Georgian London is brought thrillingly to life as Sean Bean hunts a ghastly foe
★★★★ ITV Encore, day and date to be announced
VISITORS, don’t worry – CrimeTimePreview hasn’t capriciously decided to cover gothic horror dramas on a whim. This atmospheric and fascinating telling of the Frankenstein tale is actually a monster-mash of the crime and horror genres.
And why not? Everyone from Andy Warhol to Mel Brooks has dabbled with Mary Shelley’s creature, and here director/writer Benjamin Ross and writer Barry Langford have crafted an intriguing journey into the darker recesses of Georgian England.
With Sean Bean heading a cast that includes Anna Maxwell Martin as Shelley and Steven Berkoff as William Blake, it’s a six-parter that rises above your average shock fest or cop procedural. With its well-worked background themes of bodysnatching and abandoned children, the writers have stitched together a story with heart as well as a brain.
Sean Bean is terrific as the investigator Marlott
The year is 1827 and the setting is switched from Switzerland to London. Bean’s Inspector John Marlott is working undercover on the Thames trying to catch opium smugglers when his men discover an ‘abomination’ in the muddy foreshore – a body made from the pieces of eight children.
Home Secretary Sir Robert Peel (Tom Ward) is none too delighted when Marlott brings the ‘object’ to the attention of the authorities. The politician fears it is the fiendish work of opponents of the Anatomy Act, which aims to regulate the practice of surgery and remove the barbers and bodysnatchers that give it a bad name. He wants Marlott to expose the perpetrator of this heinous crime, telling him that ‘details of your investigation must remain confidential’.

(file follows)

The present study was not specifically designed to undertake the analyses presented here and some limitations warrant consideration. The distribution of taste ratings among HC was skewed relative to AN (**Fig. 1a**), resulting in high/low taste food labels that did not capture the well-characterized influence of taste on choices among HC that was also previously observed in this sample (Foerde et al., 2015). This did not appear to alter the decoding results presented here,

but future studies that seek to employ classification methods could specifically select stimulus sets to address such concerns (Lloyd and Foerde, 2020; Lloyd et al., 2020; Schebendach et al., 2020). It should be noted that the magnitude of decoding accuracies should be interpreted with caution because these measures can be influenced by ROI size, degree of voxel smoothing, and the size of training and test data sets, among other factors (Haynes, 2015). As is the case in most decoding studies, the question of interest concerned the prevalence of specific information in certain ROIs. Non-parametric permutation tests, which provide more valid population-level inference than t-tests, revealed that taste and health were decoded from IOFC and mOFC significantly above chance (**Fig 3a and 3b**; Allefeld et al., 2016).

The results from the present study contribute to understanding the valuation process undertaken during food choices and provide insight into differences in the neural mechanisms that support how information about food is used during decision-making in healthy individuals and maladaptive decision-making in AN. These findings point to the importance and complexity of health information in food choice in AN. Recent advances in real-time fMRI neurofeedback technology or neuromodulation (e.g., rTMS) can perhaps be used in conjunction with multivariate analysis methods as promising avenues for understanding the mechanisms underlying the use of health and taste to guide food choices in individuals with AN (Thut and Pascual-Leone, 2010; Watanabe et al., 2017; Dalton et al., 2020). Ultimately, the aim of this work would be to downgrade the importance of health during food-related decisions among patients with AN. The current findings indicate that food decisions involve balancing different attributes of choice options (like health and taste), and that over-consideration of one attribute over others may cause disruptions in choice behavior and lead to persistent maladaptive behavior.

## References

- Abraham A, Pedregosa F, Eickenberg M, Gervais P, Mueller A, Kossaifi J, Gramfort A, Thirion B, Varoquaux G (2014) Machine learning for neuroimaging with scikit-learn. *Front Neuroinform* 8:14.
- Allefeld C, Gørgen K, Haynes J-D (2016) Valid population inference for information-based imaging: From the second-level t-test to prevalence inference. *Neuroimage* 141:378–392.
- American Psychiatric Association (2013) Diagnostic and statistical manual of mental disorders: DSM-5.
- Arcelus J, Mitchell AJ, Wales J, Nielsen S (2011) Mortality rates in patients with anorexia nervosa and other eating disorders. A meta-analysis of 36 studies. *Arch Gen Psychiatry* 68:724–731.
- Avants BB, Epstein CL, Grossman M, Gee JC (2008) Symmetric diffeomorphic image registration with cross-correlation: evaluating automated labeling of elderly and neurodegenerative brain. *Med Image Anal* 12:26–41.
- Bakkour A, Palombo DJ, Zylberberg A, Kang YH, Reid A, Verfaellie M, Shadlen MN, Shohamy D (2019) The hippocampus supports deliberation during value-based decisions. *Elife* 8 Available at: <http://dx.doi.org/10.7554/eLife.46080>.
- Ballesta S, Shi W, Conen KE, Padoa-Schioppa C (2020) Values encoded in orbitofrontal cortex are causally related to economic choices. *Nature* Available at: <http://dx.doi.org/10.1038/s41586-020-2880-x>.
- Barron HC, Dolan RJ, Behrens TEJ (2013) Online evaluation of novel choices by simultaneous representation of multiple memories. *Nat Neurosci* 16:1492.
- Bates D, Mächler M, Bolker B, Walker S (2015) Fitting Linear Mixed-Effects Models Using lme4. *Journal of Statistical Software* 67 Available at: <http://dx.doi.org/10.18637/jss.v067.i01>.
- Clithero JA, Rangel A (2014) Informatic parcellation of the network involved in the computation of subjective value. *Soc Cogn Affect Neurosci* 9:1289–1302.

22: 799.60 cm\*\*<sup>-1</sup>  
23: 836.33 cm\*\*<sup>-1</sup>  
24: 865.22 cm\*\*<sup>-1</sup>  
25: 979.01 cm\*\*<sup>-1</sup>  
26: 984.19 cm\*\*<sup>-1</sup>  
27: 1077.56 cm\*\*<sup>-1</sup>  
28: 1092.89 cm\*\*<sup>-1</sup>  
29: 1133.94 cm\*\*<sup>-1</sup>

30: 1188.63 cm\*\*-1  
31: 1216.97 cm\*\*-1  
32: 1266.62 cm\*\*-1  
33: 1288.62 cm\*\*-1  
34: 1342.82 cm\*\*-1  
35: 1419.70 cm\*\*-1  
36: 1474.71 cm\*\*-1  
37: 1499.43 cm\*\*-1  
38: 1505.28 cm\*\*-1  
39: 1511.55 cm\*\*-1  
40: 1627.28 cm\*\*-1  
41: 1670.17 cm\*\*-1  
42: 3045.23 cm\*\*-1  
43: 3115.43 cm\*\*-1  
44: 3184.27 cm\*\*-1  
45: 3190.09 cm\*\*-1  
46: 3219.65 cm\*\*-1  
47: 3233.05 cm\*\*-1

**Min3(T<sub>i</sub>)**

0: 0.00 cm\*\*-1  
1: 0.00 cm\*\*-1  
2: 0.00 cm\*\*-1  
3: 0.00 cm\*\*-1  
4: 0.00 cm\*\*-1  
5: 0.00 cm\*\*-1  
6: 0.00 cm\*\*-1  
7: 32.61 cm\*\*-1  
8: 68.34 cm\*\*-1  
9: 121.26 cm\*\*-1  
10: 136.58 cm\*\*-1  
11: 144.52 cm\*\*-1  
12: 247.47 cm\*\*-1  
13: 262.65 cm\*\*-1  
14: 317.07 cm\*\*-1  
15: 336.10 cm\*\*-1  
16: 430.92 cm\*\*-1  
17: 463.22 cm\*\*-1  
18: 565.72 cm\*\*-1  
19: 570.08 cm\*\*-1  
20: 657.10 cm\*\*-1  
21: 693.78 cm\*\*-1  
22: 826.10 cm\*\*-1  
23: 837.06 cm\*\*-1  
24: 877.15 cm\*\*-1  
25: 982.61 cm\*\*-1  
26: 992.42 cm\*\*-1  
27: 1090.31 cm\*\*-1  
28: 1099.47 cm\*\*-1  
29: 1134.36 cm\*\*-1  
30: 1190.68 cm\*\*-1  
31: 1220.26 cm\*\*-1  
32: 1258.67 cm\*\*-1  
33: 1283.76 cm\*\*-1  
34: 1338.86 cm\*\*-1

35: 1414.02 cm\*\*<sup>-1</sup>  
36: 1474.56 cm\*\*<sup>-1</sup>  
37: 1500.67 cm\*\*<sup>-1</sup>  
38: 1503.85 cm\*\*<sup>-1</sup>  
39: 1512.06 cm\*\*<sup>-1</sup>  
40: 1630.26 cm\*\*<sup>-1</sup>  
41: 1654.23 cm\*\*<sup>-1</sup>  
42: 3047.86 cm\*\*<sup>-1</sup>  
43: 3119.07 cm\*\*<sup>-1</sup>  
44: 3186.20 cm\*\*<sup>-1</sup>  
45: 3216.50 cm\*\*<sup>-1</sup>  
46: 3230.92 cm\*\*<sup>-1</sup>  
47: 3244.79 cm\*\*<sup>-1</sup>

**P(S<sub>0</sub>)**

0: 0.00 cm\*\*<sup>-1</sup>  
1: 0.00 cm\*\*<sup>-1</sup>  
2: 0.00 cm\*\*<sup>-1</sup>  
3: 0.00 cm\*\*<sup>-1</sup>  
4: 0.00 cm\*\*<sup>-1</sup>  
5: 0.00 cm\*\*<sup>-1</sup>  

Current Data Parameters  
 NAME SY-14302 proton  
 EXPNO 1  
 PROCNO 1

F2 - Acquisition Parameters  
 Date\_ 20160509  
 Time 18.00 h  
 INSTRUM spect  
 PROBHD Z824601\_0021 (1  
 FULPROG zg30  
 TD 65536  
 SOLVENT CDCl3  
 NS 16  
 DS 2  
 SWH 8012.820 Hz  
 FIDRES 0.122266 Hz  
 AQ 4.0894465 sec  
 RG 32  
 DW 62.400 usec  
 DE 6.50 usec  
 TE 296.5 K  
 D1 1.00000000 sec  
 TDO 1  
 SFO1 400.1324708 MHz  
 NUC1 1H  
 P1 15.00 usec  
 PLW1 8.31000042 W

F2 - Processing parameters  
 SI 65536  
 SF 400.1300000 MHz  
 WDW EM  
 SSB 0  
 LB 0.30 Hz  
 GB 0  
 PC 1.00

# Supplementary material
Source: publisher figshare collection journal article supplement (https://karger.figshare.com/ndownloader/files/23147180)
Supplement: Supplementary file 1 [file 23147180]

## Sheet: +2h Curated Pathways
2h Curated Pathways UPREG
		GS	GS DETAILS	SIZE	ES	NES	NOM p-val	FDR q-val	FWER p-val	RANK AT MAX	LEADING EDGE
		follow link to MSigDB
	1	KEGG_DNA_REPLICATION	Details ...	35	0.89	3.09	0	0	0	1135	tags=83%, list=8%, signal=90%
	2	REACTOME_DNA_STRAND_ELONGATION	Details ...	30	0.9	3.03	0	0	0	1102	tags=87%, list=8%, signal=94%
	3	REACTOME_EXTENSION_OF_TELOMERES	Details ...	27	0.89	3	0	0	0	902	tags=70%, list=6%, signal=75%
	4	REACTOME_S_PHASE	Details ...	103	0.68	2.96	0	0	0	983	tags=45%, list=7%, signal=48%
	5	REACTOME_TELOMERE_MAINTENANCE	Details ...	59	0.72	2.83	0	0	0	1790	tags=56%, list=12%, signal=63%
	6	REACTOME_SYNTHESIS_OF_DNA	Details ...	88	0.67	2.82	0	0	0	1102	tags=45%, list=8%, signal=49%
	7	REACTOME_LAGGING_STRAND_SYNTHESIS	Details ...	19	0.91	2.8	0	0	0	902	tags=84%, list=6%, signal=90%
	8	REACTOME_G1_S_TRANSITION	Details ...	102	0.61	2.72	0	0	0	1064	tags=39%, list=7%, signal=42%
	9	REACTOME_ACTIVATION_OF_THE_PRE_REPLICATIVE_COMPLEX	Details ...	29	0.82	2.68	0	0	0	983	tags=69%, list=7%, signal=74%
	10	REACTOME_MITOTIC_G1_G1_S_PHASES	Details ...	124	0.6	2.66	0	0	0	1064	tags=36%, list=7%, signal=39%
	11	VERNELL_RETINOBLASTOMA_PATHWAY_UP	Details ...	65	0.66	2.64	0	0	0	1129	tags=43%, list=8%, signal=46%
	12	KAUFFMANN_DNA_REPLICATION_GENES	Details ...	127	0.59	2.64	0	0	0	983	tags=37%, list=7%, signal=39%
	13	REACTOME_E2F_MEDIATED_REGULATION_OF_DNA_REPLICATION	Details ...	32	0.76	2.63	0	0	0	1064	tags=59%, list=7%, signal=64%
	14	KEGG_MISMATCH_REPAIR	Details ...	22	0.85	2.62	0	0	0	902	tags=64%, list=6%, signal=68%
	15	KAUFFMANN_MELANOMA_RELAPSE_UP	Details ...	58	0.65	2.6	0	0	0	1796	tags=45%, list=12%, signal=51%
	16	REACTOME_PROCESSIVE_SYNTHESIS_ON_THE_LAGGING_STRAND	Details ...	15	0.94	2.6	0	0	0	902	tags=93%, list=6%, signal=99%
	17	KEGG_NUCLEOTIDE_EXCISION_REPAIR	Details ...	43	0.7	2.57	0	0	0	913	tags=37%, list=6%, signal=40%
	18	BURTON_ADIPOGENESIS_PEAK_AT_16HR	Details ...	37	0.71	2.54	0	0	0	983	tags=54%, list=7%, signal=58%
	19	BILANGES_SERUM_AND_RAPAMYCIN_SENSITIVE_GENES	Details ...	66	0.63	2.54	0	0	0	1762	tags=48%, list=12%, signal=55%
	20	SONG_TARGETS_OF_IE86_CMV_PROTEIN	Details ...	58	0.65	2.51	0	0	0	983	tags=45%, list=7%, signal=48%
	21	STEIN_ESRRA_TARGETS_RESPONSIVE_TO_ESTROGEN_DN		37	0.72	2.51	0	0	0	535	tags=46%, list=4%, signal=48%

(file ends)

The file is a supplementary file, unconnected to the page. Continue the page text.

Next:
Sean Bean, who has just finished a stint in the US series Legends, is suitably craggy and deferential as the investigator who is low on the social ladder and has a hellish job on his hands. As he tries to piece together any leads he can about the poor children that may have been used to create the body in the river, he hears tales of kids abducted by a monster around Smithfield meat market.
Dank, shadowy, with great CGI
He is also a deeply compromised protagonist, telling the parents of one missing girl, ‘I know what it is to grieve.’ He has syphilis and has lost his own family.
The production looks splendidly dank and shadowy, and the digital work does wonders in recreating landmarks such as Greenwich as seen from a misty, muddy Thames.
Where series such as The Tudors offered a kitsch pantomime version of history, the creators of The Frankenstein Chronicles are clearly fascinated by the Georgian period and use it intelligently in this narrative. And it’s suitably creepy, too.